As can also be seen from the chart, the researchers found that there were no significant differences between the EMG activity of the hip muscles with and without the heel lift.

Lower leg muscle activation

The researchers found that the Valgus group displayed greater EMG activity of the tibialis anterior compared with the Control group during the descending phase of both the no–heel-lift and heel-lift conditions.  They also noted that the EMG activity when using heel lifts was less than when not using heel lifts for both Valgus and Control groups, again in the descending phase.  Both of these results can be seen in the chart below:


The researchers found that there was a trend for similar (but not identical) results in the ascending phase but they did not reach statistical significance. The researchers also observed that the gastrocnemius activity (both medial and lateral) in the descending phase without the heel lift was greater in the Valgus group than in the Control group. They also noted that the gastrocnemius activity (both medial and lateral) with heel lift was higher than without the heel lift in the Valgus group but not in the Control group.  They noted a trend for similar (but not identical) results in the ascending phase but they did not reach significance.

Frontal-plane knee displacement

Without a heel lift, the researchers reported that the Valgus group displayed greater medial knee displacement than the Control group. With a heel lift, the Valgus group displayed less medial knee displacement than without the heel lift. There was no effect on frontal knee displacement of the Control group of using the heel lift.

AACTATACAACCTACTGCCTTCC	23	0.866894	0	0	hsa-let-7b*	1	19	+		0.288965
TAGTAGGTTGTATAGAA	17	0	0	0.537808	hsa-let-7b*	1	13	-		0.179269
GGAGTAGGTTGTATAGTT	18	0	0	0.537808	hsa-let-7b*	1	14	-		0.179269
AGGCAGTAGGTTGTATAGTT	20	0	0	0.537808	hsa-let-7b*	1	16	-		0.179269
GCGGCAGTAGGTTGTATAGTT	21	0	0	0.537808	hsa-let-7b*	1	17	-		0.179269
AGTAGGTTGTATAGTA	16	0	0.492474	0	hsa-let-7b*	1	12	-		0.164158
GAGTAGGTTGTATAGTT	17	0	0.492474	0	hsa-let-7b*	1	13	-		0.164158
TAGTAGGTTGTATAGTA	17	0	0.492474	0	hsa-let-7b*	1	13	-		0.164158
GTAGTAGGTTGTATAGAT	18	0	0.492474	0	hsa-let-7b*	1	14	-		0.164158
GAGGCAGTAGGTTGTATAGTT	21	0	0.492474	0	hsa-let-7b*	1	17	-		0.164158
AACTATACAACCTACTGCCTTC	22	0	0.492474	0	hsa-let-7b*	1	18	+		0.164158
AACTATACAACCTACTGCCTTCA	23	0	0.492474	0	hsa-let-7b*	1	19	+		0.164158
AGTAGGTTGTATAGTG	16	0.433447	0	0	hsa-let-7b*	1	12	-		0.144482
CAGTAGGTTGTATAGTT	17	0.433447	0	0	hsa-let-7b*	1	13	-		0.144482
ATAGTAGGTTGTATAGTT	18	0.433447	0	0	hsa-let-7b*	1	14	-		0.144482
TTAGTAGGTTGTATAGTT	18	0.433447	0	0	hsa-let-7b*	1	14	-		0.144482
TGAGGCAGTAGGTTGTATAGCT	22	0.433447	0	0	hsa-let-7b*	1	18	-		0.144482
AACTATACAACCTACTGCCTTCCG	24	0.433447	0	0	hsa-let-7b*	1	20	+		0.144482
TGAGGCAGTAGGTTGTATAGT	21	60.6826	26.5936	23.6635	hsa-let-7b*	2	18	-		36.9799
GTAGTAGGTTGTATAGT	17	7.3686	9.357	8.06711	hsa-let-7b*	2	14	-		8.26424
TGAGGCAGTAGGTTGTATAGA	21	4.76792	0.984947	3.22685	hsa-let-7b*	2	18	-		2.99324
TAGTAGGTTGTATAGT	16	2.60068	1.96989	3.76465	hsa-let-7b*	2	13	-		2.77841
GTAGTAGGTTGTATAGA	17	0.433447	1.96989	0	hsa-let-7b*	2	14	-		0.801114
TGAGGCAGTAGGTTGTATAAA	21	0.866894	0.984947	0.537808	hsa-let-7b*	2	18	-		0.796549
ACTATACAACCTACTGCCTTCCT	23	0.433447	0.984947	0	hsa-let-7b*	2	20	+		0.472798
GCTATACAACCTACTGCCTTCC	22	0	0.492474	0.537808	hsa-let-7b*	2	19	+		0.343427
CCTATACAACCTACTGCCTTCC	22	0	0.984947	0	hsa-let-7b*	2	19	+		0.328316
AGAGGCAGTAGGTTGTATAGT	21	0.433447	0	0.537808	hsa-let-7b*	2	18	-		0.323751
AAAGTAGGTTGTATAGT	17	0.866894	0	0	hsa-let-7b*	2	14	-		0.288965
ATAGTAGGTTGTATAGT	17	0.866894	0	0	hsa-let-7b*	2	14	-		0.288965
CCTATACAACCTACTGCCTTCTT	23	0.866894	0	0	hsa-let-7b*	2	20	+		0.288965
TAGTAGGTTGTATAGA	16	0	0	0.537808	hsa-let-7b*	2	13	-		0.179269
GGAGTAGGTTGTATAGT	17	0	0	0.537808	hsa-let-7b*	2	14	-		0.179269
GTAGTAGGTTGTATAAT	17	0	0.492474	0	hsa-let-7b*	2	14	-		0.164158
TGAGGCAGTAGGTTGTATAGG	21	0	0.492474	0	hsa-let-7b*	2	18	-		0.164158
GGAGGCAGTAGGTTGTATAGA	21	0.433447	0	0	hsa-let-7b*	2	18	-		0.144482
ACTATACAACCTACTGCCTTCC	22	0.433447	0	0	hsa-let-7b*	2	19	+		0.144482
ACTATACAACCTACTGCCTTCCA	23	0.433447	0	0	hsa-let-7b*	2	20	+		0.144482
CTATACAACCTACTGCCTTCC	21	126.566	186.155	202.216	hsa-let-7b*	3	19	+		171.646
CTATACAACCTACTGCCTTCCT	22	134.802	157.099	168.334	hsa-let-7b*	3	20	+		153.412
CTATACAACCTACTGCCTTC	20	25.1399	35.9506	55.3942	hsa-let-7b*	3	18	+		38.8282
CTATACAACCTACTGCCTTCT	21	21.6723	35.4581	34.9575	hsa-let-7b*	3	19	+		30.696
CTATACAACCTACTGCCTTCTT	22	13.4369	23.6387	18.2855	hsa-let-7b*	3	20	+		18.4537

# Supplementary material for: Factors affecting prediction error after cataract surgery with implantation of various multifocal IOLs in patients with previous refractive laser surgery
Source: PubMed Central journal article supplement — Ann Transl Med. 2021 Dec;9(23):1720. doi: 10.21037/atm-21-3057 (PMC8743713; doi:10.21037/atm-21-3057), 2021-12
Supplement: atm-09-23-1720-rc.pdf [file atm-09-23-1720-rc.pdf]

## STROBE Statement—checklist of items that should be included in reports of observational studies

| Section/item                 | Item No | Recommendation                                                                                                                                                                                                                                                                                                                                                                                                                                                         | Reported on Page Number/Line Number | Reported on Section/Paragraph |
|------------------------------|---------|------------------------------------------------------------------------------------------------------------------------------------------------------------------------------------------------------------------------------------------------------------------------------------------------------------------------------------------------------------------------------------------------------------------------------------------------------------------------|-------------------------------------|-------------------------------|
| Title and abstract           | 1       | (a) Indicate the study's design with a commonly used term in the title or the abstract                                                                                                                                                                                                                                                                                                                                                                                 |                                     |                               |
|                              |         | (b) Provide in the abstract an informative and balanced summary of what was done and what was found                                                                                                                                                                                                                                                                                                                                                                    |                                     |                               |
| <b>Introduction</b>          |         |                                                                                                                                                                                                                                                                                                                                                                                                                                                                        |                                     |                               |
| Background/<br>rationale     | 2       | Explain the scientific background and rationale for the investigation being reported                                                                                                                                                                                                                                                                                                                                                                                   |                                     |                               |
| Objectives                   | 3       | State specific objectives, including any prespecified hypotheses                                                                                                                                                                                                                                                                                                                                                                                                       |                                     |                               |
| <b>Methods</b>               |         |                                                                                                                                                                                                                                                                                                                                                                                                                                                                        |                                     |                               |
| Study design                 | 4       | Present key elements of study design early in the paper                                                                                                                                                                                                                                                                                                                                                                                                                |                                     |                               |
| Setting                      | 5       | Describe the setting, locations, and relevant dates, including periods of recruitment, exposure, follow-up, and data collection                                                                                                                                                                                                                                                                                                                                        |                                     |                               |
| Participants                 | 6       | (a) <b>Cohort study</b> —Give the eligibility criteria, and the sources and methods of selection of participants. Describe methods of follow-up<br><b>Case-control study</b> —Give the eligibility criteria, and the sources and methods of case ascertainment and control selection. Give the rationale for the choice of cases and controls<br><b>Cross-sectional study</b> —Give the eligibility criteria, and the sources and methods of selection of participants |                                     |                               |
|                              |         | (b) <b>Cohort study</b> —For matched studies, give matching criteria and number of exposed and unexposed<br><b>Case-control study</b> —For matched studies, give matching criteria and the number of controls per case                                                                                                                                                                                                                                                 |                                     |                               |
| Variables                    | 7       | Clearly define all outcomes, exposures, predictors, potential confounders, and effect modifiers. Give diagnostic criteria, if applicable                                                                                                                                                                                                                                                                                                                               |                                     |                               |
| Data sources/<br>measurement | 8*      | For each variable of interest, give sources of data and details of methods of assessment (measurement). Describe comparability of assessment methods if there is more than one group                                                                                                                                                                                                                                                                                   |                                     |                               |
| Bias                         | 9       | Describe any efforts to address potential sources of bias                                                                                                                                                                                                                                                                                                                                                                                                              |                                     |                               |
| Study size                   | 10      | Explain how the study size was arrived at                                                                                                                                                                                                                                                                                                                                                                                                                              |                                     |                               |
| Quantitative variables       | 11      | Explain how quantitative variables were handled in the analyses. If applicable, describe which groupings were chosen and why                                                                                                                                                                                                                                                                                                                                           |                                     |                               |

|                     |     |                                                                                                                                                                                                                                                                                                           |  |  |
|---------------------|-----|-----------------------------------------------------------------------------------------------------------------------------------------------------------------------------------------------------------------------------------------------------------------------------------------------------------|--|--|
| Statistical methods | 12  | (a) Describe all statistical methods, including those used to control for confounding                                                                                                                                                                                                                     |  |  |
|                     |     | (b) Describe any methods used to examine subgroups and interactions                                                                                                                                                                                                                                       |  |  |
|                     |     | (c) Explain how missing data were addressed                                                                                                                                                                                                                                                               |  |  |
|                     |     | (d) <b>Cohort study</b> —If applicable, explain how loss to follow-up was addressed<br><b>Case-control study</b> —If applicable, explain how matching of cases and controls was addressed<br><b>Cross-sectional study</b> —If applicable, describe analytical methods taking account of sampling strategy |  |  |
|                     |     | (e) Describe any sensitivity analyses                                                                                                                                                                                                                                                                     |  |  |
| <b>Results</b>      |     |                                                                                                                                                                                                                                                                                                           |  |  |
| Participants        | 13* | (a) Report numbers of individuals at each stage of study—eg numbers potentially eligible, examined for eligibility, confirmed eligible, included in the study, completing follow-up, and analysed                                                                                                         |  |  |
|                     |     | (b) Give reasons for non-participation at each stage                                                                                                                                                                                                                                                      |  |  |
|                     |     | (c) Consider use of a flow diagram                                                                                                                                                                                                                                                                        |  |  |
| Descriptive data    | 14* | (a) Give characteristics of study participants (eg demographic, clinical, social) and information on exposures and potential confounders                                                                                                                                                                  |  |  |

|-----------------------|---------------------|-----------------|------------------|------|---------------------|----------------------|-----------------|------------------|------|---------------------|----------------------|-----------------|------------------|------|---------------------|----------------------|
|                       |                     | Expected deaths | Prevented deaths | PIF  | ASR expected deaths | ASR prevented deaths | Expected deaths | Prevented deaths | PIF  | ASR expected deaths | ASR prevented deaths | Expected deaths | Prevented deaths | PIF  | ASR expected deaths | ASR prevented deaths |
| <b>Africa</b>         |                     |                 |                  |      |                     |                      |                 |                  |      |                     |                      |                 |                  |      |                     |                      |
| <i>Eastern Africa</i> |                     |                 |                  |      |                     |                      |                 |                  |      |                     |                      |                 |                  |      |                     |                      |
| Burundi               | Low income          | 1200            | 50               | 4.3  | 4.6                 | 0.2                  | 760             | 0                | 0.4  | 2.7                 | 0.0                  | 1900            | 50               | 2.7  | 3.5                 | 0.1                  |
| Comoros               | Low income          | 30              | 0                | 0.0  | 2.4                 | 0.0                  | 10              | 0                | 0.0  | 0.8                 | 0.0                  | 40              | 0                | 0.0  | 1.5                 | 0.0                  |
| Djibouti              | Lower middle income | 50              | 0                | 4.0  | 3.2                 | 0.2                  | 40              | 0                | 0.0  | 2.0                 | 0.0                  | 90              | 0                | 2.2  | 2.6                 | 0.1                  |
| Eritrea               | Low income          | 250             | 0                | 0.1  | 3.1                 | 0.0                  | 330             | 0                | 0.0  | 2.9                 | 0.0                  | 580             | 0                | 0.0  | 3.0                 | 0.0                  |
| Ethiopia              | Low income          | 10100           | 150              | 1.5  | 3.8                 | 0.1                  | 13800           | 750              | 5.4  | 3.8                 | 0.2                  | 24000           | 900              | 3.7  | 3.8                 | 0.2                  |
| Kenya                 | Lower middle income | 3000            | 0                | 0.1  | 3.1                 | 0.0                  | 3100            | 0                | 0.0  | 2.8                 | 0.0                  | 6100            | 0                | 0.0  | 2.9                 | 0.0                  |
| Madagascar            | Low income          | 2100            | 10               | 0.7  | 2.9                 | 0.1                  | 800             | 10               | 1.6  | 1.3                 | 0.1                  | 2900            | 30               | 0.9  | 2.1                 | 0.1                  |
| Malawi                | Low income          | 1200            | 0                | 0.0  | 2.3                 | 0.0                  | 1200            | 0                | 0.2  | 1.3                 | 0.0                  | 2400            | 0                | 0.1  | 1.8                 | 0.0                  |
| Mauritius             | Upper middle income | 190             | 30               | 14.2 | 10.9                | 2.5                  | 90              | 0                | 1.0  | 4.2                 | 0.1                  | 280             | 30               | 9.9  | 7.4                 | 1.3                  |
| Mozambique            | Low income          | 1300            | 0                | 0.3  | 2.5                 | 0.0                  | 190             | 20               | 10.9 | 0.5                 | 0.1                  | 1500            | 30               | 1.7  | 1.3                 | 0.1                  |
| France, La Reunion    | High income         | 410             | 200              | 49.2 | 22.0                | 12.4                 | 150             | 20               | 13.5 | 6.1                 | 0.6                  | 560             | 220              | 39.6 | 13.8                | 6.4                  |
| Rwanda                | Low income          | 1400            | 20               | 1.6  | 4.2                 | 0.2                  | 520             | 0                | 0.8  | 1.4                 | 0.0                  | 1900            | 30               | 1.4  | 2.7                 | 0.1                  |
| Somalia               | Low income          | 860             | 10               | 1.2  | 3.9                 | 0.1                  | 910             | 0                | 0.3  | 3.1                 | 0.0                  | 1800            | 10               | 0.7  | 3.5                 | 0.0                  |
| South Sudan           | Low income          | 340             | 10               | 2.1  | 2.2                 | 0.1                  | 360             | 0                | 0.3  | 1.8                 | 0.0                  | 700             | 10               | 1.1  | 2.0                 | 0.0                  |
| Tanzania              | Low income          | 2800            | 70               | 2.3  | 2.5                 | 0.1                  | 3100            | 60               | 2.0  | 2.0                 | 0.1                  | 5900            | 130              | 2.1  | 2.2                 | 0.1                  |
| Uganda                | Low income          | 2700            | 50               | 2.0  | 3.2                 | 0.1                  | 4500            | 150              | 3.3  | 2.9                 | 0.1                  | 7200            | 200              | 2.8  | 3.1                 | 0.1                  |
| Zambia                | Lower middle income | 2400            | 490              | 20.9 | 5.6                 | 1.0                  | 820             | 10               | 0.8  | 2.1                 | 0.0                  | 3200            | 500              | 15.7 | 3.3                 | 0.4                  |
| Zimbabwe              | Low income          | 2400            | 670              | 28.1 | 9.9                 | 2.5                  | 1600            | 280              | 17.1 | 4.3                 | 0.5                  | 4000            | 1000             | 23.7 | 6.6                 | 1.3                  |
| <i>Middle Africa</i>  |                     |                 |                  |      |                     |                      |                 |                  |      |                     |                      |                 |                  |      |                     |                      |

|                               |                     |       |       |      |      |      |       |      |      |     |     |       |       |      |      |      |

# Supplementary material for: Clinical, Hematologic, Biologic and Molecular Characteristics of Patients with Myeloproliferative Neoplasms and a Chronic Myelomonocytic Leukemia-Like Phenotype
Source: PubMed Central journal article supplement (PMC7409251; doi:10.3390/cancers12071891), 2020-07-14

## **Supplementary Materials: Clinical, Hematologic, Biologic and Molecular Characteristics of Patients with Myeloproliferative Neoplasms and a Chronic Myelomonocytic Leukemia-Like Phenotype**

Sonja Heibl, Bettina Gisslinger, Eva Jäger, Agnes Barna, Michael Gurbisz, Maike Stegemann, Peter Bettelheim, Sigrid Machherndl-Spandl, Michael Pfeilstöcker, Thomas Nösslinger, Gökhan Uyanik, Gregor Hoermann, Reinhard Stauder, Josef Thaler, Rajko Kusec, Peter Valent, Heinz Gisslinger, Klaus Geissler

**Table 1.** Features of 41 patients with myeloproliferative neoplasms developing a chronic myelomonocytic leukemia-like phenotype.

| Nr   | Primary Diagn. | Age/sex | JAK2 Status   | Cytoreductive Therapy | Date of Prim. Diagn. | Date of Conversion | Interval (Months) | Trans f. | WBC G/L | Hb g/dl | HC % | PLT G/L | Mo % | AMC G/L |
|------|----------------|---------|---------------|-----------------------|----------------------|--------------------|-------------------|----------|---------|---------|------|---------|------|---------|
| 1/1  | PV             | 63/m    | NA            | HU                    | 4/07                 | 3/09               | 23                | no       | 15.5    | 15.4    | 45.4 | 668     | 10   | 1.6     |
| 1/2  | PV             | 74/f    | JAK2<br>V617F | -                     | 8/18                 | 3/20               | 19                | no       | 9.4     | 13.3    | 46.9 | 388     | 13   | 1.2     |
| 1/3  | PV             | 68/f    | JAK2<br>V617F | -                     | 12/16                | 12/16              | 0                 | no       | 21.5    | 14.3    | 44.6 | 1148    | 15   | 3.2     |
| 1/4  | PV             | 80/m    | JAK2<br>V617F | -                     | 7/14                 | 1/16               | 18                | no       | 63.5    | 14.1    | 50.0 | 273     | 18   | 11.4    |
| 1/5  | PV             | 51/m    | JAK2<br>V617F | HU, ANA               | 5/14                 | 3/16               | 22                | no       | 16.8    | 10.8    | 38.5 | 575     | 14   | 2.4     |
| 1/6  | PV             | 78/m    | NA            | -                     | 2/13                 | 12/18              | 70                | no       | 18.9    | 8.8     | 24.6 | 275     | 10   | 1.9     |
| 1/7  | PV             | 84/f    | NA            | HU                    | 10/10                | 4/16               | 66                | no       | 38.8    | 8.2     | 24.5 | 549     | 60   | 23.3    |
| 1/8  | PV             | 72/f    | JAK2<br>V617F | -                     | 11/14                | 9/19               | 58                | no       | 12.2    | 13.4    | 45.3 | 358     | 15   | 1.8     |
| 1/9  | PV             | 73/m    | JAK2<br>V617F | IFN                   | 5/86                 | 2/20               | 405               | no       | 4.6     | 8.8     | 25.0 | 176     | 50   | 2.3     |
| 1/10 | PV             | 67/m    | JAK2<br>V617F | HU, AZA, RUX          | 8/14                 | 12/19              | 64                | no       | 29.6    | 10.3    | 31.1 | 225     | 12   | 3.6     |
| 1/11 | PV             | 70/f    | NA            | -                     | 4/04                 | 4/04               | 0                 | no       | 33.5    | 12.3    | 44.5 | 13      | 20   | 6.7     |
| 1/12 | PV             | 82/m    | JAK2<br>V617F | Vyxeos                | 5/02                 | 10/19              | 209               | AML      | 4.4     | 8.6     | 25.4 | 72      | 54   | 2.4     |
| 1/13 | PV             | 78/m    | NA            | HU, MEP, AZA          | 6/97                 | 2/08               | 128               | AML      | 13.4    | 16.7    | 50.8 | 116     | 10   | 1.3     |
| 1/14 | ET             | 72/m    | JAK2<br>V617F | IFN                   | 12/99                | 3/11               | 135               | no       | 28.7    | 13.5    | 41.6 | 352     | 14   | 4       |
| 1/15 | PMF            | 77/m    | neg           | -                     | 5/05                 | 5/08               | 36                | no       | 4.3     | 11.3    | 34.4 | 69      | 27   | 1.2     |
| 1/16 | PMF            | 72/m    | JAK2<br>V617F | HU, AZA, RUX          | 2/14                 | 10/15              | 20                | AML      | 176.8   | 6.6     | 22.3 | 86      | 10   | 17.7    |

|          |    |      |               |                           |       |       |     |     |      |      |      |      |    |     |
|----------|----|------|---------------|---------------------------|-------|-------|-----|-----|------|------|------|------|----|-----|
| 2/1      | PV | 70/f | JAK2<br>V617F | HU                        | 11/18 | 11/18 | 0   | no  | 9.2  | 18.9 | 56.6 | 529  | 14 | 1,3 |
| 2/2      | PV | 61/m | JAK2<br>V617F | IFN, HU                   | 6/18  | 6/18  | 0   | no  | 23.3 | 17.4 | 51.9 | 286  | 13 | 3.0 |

What did the researchers conclude?

What were the differences between Valgus and Control groups?

The researchers concluded that the EMG activity levels of the gastrocnemius, tibialis anterior and adductors were greater in subjects who displayed knee valgus than those who did not.  They also concluded that there were no differences in the EMG activity levels of the gluteal muscles in subjects with and without knee valgus.

What do the researchers think causes knee valgus?

The researchers suggest that the increase in gastrocnemius activity might have created greater plantar-flexion moments at the ankle – thereby increasing ankle-dorsiflexion stiffness.  They suggest that the increased anterior tibialis activity may have also increased the ankle-dorsiflexion stiffness through co-activation.